California’s Housing-first Policies Work, 1980s Homelessness Strategies Don’t Work Now

Housing-first programmes in California helped tens of thousands of people leave homelessness behind in a single year. However, in recent months, a vociferous minority of state leaders has advocated for a rollback of our housing first legislation, which prioritises providing permanent housing to those experiencing homelessness without first forcing them to attend programmes or treatment.

While the current repeal attempt failed, it lends credence to claims that housing-first policies are ineffective. An editorial published in the Sacramento Bee recently made the case that California’s “housing first” strategy was doomed to fail since it was aimed at helping people who were already homeless, such as moms recovering from substance misuse.

However, the CARE Court proposal under consideration by the Legislature would force people with mental illness into institutional treatment without providing them with any means for housing, which is counter to the very premise of housing first policies. Nearly 20% of the inmates at the state’s Department of Corrections and Rehabilitation do not have a place to live, but they will be permanently exempt from these regulations.

Some of the most successful strategies for addressing homelessness in Los Angeles and San Francisco revolve around the idea of housing first. In addition to decades of empirical evidence, the model’s success in getting people off the streets demonstrates its efficacy.

What did not work, on the other hand, were the decades-old policies that traumatised the vulnerable and built needless impediments to housing. In 2016, the California legislature passed Senate Bill 1380, enshrining the housing-first model throughout the state. This followed the success and bipartisan consensus of the housing-first approach in other states, as well as the Bush administration’s adoption of housing first as a national practice.

Since then, those who view homelessness as a moral failing have been the primary voices speaking out against such initiatives. However, putting the onus of responsibility for homelessness on individuals and families who are experiencing it, rather than on the real external issues like our state’s housing affordability crisis, is unfair and counterproductive.

It’s a well-known fact that the number of homeless people in California has increased significantly over the past few years. Tents and encampments have sprung up all over our neighbourhoods, and we’ve all seen them. Nevertheless, the claim that removing housing restrictions will lead to a rise in the number of homeless people is not only false but also a hazardous fallacy that might seriously set back efforts to improve people’s living conditions.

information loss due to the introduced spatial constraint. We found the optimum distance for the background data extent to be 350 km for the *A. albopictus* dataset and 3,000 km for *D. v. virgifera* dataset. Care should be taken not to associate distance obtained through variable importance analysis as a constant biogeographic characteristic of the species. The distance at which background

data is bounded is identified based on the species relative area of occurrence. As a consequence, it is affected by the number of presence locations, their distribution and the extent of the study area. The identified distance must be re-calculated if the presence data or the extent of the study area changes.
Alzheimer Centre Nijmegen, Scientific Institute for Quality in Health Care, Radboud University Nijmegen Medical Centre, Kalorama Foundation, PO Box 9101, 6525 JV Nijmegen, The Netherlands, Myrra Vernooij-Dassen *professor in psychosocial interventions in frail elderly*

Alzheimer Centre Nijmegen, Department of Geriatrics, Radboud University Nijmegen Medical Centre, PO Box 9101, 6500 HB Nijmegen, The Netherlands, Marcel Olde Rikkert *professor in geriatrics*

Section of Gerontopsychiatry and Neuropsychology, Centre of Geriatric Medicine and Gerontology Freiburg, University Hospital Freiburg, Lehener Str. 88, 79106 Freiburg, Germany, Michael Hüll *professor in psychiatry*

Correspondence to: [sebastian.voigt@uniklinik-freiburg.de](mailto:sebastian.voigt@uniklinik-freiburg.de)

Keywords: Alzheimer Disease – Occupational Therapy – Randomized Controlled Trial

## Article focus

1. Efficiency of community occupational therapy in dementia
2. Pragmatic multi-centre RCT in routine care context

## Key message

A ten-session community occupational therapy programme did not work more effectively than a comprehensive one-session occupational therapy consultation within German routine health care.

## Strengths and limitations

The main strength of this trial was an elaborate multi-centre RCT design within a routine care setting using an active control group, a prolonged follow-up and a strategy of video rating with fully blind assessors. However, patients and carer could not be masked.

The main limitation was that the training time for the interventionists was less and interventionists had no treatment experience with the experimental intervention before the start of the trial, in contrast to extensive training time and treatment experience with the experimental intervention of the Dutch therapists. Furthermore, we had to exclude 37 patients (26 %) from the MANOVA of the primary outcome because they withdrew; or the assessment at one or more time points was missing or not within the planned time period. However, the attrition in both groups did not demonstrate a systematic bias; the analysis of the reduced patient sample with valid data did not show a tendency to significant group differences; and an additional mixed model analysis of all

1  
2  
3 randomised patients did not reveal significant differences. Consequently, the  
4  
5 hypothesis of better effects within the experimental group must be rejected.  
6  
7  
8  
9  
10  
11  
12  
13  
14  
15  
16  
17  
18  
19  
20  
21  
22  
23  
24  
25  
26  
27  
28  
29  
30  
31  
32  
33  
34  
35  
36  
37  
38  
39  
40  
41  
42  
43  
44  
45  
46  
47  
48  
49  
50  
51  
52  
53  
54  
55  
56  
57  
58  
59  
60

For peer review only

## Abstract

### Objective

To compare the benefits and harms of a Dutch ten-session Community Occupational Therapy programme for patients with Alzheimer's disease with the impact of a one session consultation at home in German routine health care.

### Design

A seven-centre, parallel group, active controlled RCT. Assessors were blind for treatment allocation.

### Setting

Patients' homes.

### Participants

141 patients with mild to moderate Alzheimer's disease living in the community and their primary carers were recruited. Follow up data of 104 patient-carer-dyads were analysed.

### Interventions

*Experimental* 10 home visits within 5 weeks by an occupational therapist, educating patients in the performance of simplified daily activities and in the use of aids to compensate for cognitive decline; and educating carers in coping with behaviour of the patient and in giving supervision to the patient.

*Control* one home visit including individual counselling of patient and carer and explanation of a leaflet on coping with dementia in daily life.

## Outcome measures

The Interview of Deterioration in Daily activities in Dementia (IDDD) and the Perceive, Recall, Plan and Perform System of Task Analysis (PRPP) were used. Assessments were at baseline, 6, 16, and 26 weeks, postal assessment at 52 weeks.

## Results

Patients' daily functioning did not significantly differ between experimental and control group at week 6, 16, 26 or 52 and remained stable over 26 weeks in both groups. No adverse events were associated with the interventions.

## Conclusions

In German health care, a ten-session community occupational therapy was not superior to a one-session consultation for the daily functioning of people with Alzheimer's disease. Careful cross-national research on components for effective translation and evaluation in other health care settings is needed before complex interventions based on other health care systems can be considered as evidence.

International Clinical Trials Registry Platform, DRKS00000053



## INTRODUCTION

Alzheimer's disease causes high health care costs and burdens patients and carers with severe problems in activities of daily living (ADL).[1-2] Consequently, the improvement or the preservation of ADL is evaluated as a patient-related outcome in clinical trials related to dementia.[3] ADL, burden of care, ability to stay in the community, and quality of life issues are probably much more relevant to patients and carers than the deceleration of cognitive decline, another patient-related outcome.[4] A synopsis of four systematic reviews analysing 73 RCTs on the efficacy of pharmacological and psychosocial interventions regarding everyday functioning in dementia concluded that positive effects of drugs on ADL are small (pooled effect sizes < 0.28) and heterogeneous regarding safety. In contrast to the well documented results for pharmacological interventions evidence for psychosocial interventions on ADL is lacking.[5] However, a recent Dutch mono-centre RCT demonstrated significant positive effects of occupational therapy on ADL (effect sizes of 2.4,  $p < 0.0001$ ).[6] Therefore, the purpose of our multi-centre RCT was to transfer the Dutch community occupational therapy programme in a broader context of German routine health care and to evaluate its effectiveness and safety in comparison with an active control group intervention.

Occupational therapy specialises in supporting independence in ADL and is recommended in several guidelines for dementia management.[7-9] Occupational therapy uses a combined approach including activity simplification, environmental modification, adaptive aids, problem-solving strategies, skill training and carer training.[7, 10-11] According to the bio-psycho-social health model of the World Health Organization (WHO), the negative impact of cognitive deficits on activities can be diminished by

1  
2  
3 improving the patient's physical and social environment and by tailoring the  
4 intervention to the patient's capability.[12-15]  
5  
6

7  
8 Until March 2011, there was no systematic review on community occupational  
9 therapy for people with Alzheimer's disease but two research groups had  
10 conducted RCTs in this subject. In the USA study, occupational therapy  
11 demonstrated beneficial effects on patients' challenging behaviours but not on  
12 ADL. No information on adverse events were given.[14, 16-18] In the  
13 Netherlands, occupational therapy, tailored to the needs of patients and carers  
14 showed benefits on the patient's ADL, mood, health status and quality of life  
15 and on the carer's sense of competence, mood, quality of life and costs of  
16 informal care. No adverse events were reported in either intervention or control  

Multiple studies have shown that families who attend housing first programmes are more likely to receive treatment, decrease their drug and alcohol usage, and shorten their hospital visits. Tenants can reduce their utilisation of inpatient psychiatric institutions by voluntarily engaging in therapy. Large drops in the national homeless population have been observed since 2007 when federal housing first policies were implemented.

U.S. Department of Housing and Urban Development’s three-year “Housing Options Study” found that families who received housing-first services not only ended their homelessness for good but also saw decreases in family separation, domestic violence, substance use, school absences and behavioural issues among their children. Connecting homeless and child-welfare-involved families to housing-first supportive housing, as programmes like “Keeping Families Together” have done, has been shown to result in a high rate of successful family reunification.

Evicting families from transitional housing when parents relapsed or broke regulations did not mitigate family separation or increase kid well-being, the same study found when looking at approaches from the 1980s. The study found “no evidence that this innovative strategy achieved its goals any better than did leaving families to find their way out of the shelter,” even when families obeyed the rules of traditionally harsh transitional housing programmes.

Slipping back into old habits is normal during the healing process. A person’s chances of staying sober, in treatment, or abiding by court orders all plummet, and their chances of survival are significantly lower when they are driven back into the streets following a setback. State and municipal lawmakers ought to be guided by data. The best approach to addressing homelessness is to prioritise housing.

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